How to choose: For investing in projects of companies looking to go for a listing, look at details in utilization of funds section, which should have a clear intent of deploying capital in undergoing projects vis-à-vis using the land bank as a basis to raise funds which get routed in another direction. A listed firm definitely provides higher transparency and accountability as its misgivings start to affect its share prices and directly affect the promoter group.
This is not to undermine privately held firms which have a greater reputation at stake considering their largely concentrated geographic focus. There are a number of firms in India that are not listed, yet they are successful because of their project quality and delivery records. Such firms, while operating on a conservative business model, were able to sustain development and generate more business even during recessionary times.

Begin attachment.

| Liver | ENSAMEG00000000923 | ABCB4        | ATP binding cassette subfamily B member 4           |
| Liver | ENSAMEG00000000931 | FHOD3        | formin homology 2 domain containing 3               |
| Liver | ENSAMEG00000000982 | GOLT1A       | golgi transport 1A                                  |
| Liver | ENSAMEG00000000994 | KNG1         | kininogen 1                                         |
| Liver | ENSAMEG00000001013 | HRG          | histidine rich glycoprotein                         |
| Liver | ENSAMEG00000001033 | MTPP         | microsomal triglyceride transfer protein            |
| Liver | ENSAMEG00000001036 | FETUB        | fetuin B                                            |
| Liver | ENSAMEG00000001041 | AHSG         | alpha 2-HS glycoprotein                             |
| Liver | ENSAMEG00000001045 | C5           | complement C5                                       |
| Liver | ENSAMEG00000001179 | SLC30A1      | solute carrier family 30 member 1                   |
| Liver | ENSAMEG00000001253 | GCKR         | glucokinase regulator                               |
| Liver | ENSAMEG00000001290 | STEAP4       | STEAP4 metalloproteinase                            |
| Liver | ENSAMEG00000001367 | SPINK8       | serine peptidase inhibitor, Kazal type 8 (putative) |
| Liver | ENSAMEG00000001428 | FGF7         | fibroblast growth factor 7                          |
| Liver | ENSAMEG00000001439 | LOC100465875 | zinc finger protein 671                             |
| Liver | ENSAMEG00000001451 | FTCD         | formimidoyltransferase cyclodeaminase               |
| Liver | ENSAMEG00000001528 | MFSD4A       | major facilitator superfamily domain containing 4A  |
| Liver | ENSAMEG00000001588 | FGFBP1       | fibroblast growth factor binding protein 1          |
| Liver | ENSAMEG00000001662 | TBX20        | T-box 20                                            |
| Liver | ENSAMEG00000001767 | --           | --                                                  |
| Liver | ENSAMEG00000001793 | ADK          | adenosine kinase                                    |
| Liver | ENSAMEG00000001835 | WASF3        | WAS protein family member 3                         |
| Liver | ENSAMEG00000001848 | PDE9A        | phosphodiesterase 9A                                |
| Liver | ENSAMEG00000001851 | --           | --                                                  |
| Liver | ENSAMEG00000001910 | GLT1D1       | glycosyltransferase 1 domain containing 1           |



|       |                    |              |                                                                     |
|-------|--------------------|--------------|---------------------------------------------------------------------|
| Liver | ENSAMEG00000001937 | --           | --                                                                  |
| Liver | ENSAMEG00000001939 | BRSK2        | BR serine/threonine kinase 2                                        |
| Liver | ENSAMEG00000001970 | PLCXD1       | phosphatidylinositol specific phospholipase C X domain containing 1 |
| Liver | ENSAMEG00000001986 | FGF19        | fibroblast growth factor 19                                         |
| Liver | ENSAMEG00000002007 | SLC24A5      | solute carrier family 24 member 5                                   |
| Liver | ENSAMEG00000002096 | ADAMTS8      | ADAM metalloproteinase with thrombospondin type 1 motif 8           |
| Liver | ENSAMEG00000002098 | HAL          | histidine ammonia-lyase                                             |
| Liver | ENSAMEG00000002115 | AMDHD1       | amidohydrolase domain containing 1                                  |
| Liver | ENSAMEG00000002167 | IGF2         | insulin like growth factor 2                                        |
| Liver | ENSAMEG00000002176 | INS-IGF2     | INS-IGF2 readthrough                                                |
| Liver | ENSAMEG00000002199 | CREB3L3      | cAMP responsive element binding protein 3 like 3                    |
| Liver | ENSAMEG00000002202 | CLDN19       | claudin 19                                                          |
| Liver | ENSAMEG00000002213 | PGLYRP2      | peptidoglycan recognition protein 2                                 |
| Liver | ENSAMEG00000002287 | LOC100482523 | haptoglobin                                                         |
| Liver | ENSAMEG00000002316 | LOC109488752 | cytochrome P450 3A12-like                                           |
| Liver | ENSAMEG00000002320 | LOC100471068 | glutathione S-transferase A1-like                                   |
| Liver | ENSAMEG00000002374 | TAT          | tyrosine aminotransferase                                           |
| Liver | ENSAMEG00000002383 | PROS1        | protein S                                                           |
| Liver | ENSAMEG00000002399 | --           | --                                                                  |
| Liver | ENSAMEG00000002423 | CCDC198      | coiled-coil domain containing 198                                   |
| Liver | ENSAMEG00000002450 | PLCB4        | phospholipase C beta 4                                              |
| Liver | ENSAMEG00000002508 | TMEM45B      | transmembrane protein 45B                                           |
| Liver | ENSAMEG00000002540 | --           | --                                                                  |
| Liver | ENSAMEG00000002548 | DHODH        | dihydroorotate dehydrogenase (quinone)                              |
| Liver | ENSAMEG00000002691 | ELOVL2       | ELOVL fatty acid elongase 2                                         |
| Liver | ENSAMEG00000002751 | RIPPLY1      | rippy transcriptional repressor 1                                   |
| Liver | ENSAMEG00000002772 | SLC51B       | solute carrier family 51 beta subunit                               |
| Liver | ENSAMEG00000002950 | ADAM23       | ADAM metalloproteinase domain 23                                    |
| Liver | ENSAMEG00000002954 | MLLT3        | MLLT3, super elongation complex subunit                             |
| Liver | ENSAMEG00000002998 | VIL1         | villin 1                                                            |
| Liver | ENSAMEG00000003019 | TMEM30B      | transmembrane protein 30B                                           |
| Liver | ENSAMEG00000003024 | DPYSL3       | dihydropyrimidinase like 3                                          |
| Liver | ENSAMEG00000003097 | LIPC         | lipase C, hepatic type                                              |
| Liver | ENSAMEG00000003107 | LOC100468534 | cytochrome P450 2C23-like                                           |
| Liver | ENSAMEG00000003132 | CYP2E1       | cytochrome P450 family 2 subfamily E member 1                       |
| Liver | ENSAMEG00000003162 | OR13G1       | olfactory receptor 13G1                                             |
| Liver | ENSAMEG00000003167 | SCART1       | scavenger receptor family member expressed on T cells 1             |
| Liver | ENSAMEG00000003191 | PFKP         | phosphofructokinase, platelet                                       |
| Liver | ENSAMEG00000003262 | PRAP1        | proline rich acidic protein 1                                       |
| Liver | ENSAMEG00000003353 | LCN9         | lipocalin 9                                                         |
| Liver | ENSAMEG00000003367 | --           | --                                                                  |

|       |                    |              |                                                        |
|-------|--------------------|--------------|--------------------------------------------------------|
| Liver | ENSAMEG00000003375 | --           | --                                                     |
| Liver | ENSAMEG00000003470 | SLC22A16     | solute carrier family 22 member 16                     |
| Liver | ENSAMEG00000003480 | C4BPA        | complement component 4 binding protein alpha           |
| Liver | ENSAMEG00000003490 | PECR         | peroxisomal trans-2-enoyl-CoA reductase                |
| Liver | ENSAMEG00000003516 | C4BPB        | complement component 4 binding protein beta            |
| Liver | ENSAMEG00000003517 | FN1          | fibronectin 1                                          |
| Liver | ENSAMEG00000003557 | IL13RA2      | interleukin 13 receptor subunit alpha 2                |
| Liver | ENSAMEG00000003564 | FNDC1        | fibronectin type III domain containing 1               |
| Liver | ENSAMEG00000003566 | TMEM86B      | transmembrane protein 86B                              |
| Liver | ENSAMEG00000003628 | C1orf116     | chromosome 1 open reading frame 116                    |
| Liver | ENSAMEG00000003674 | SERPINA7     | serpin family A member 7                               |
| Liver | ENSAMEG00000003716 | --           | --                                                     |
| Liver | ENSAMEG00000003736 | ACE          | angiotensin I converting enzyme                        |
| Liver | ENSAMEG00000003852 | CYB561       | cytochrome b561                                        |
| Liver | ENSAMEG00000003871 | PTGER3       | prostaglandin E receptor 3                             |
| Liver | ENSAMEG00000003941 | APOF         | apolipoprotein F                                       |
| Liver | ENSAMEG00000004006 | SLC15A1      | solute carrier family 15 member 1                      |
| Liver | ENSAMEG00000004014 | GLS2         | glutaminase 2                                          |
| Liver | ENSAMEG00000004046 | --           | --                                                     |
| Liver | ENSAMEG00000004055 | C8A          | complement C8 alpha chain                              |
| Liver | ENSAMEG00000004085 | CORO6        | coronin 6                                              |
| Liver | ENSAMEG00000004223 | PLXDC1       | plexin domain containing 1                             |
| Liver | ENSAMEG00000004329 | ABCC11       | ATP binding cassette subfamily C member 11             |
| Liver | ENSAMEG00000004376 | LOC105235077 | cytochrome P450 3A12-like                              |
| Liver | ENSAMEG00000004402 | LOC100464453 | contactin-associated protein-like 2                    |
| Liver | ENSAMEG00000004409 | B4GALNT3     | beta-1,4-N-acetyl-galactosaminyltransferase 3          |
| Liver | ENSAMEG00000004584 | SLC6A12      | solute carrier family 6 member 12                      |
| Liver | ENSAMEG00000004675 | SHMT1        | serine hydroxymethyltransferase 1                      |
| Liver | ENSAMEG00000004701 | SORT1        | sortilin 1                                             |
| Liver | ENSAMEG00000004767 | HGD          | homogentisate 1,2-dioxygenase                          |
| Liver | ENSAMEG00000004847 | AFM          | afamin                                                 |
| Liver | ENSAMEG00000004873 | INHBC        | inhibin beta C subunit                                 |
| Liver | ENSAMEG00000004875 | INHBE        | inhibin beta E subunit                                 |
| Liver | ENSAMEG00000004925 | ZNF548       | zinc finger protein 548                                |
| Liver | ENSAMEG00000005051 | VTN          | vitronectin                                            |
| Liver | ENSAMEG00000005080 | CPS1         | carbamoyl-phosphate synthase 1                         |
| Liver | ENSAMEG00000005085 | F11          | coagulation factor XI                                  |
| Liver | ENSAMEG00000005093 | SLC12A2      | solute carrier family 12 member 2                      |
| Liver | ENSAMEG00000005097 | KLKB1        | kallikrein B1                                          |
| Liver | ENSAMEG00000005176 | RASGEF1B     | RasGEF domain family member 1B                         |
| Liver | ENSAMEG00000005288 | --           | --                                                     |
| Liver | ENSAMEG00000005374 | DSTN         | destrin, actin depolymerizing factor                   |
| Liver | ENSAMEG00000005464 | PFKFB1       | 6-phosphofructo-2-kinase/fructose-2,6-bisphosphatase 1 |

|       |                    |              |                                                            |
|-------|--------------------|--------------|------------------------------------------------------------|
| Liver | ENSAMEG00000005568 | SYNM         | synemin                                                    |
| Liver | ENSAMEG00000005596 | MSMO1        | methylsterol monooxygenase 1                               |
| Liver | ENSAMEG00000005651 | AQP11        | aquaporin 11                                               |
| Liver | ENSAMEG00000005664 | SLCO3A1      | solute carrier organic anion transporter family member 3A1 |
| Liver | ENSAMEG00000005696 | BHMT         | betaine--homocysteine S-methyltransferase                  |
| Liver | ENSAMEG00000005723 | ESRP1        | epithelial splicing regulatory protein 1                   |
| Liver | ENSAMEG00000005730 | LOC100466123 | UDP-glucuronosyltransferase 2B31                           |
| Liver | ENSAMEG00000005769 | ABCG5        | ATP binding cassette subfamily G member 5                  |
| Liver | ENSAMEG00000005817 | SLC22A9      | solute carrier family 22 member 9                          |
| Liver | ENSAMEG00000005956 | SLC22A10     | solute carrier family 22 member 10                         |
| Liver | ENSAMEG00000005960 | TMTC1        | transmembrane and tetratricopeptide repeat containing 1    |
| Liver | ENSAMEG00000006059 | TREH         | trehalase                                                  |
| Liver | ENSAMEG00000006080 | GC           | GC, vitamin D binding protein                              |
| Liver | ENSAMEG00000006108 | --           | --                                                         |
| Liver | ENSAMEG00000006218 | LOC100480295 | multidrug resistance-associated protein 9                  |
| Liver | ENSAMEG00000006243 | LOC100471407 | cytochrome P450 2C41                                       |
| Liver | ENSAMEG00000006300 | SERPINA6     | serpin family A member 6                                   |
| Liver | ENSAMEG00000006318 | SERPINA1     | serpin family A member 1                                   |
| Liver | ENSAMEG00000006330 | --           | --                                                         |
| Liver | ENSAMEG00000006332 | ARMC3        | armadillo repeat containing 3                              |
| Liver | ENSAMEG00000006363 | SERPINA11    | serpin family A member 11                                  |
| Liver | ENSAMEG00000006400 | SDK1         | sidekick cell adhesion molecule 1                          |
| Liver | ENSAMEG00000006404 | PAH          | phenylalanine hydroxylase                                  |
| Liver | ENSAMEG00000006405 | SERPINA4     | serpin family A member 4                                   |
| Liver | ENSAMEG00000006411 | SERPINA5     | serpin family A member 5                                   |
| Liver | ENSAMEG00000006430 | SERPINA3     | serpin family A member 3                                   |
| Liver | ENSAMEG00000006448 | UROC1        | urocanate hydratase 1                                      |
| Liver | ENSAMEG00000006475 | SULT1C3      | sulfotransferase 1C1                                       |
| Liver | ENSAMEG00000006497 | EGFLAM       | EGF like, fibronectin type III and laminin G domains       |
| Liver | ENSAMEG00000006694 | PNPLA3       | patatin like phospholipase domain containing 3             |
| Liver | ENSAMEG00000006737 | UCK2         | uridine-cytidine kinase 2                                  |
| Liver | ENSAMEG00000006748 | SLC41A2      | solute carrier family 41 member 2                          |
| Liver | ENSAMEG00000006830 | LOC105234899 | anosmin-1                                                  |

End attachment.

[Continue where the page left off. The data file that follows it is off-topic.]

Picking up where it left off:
Similarly, there are a number of real estate firms, which get foreign direct investments from reputed private equity funds. The due diligence done by private equity funds along with the investments made by it into the firm, provides some reassurance on the financial strength of the organization.
The final decision of the customer should be a combination of the credibility of the company, an assessment of the project fundamentals and his understanding of the market situation. A perfect combination of legal propriety, price, quality and track record will attract the customer and facilitate his final decision.
Om Chaudhry is chief executive officer, FIRE Capital Fund.